Comment


          • #6
            Thanks for the input everyone, much appreciated.

            With respect to the recent/upcoming changes, I think there are a couple differences in the wording, but I'm not sure which wording ended up passing (either way, my understanding is that there will be further changes in the senate bill and reconciliation process).  Changes to the program would be to abolish PAYE/RePAYE/IBR, and offer only two payment plans: some form of IDR, and a 10-year plan.  It would also abolish PSLF for anyone who isn't enrolled in a qualifying PSLF program (PAYE/RePAYE/IBR).

            - One wording said the changes would impact loans originated after June 2018 (which would likely be easier for the government to implement since my MPNs all say IBR/PAYE/RePAYE/PSLF are options).

            - The other wording says that anyone not already in one of the qualifying repayment plans (IBR/PAYE/RePAYE) by June 2018 would not be eligible for PSLF

             

            Edit: so in summary, yes, holding out some hope...

            Comment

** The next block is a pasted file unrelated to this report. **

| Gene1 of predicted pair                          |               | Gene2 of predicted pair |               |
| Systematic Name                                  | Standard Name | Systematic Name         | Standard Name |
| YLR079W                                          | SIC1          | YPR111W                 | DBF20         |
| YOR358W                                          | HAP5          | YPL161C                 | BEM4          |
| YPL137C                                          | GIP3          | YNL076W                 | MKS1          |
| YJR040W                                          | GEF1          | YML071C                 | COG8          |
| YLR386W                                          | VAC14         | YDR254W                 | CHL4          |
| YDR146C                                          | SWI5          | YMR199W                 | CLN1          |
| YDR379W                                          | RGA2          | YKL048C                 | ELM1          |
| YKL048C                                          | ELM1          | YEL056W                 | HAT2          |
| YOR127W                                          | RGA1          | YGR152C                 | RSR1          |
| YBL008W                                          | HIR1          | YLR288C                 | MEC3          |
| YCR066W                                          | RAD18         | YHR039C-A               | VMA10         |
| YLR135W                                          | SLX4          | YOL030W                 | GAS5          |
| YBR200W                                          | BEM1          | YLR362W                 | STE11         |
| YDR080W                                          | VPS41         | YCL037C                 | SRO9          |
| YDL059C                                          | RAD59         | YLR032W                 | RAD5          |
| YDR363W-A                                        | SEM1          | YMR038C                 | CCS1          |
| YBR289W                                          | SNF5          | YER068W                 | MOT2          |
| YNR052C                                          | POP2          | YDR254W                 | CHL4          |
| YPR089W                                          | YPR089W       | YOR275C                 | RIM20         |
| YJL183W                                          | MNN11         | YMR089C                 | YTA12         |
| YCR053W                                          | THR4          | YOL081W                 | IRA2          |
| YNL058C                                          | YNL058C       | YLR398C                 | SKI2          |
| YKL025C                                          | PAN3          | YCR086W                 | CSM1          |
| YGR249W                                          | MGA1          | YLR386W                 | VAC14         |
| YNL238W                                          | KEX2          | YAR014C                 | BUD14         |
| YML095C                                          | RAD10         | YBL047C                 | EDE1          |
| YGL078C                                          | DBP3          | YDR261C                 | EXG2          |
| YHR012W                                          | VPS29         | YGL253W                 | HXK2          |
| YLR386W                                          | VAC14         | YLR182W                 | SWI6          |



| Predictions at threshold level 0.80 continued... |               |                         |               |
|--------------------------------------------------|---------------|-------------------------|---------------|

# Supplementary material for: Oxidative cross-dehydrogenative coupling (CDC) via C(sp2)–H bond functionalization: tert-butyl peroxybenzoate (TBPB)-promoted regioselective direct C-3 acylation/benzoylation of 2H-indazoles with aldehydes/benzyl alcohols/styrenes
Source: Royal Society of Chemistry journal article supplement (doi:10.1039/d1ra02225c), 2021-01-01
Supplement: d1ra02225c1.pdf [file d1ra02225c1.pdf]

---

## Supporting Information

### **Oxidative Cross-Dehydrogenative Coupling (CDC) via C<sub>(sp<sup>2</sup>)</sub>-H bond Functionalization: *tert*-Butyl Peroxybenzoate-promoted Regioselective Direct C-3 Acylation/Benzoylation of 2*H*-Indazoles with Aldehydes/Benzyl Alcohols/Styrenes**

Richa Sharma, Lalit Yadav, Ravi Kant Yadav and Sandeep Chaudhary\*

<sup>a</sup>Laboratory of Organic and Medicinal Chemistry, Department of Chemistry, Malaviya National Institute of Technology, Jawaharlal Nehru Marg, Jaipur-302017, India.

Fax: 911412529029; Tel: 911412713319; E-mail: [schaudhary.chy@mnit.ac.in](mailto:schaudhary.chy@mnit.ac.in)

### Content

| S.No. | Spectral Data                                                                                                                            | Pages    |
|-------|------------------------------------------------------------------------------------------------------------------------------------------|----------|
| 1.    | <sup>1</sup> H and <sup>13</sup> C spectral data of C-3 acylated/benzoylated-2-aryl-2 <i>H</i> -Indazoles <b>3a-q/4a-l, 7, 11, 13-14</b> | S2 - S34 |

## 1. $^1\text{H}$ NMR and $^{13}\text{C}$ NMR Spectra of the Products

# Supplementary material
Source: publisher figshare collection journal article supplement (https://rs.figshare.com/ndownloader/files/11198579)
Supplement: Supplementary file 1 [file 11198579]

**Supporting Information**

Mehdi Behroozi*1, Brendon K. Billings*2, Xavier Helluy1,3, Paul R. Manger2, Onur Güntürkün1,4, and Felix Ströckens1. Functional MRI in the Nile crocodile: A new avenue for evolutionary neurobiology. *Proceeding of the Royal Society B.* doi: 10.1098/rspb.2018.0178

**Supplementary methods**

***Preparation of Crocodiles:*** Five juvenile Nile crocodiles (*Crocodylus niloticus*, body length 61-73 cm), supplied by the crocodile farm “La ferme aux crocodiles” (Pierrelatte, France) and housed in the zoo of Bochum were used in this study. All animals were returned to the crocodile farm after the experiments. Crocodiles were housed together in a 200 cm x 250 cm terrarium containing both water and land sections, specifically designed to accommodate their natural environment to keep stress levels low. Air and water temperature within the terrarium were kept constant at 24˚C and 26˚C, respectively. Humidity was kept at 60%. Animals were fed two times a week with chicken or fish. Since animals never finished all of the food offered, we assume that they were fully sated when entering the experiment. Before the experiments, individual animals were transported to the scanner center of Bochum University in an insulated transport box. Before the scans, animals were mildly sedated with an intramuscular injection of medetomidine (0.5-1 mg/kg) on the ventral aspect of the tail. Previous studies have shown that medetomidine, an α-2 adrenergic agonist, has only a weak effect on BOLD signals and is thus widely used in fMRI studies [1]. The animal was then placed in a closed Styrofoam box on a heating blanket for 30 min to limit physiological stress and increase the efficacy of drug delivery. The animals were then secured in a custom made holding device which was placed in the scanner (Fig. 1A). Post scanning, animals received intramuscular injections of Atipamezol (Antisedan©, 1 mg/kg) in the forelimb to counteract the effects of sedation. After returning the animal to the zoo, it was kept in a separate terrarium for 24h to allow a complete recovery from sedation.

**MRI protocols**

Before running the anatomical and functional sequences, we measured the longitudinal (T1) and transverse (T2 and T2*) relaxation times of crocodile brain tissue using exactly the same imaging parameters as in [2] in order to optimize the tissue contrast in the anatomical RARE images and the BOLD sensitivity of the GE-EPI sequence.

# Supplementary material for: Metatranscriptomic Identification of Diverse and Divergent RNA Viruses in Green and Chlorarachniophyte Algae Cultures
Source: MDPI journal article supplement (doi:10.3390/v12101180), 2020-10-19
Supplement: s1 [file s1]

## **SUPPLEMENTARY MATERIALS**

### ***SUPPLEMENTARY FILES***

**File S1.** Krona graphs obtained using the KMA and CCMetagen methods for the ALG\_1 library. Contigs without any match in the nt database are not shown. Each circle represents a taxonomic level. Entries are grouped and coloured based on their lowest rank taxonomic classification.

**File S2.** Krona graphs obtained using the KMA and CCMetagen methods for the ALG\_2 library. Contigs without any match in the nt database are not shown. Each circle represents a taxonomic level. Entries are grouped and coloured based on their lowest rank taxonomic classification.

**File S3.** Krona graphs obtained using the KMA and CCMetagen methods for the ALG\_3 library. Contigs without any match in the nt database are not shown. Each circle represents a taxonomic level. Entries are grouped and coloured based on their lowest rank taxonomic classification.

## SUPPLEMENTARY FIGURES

• #7
              Just wanted to update you all since my thinking has evolved on this a bit, and I wanted you guys to take a look at my logic.

              With the scenario outlined above (except debt of $410k and loans at a ridiculous 7.2%), if I make the minimum payments using the PAYE/MFS track, my debt will balloon to almost $650,000 by the end of my 6 year training!!!!!  However, if I do the MFJ/REPAYE, my debt will only be around $460,000 at the end of training due to the govt subsidy on unpaid interest.  However, I would end up paying about $20,000 more over the 6 years of training.  So, $20,000 to prevent $190,000 of interest from accruing.

              Now, if I do end up pursuing PSLF (and it remains unchanged from its current form), that $20,000 over 6 years would be somewhat "wasted".  However, if there are substantial changes to the PSLF program (e.g., instituting a cap, only forgiving a percentage, phasing out above a certain income, etc), then it will have prevented a whole lot of interest from accruing.  Likewise if I go the private practice route and don't work for a qualifying employer, etc.

              Also, I think there's a significant psychological benefit to keeping my debt under $500k.  With my specialty, that should keep debt:income well under 2:1 and should be a manageable number even if I go into private practice and just refinance it rather than do PSLF.

              I'm not worried about being able to live comfortably on the increased REPAYE payments during residency, so I'm definitely leaning towards that right now...  Also, if I do end up pursuing PSLF, I understand that one downside is that there is no cap on REPAYE payments (10% of disposable income without the option of going to standard repayment plan), but with my debt load I don't think those payments will hit the 10-year repayment at any point during the loan payback anyway, so I don't see that as a big barrier.